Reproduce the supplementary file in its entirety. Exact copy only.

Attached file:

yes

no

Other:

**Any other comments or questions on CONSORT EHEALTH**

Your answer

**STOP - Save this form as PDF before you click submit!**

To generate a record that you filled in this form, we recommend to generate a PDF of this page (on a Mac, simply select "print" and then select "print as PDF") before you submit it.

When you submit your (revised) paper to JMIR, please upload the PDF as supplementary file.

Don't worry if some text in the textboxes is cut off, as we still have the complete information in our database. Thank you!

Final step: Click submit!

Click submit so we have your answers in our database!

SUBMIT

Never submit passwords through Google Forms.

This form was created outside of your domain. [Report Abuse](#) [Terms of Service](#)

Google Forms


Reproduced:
yes

no

Other:

**Any other comments or questions on CONSORT EHEALTH**

Your answer

**STOP - Save this form as PDF before you click submit!**

To generate a record that you filled in this form, we recommend to generate a PDF of this page (on a Mac, simply select "print" and then select "print as PDF") before you submit it.

When you submit your (revised) paper to JMIR, please upload the PDF as supplementary file.

Don't worry if some text in the textboxes is cut off, as we still have the complete information in our database. Thank you!

Final step: Click submit!

Click submit so we have your answers in our database!

SUBMIT

Never submit passwords through Google Forms.

This form was created outside of your domain. [Report Abuse](#) [Terms of Service](#)

Google Forms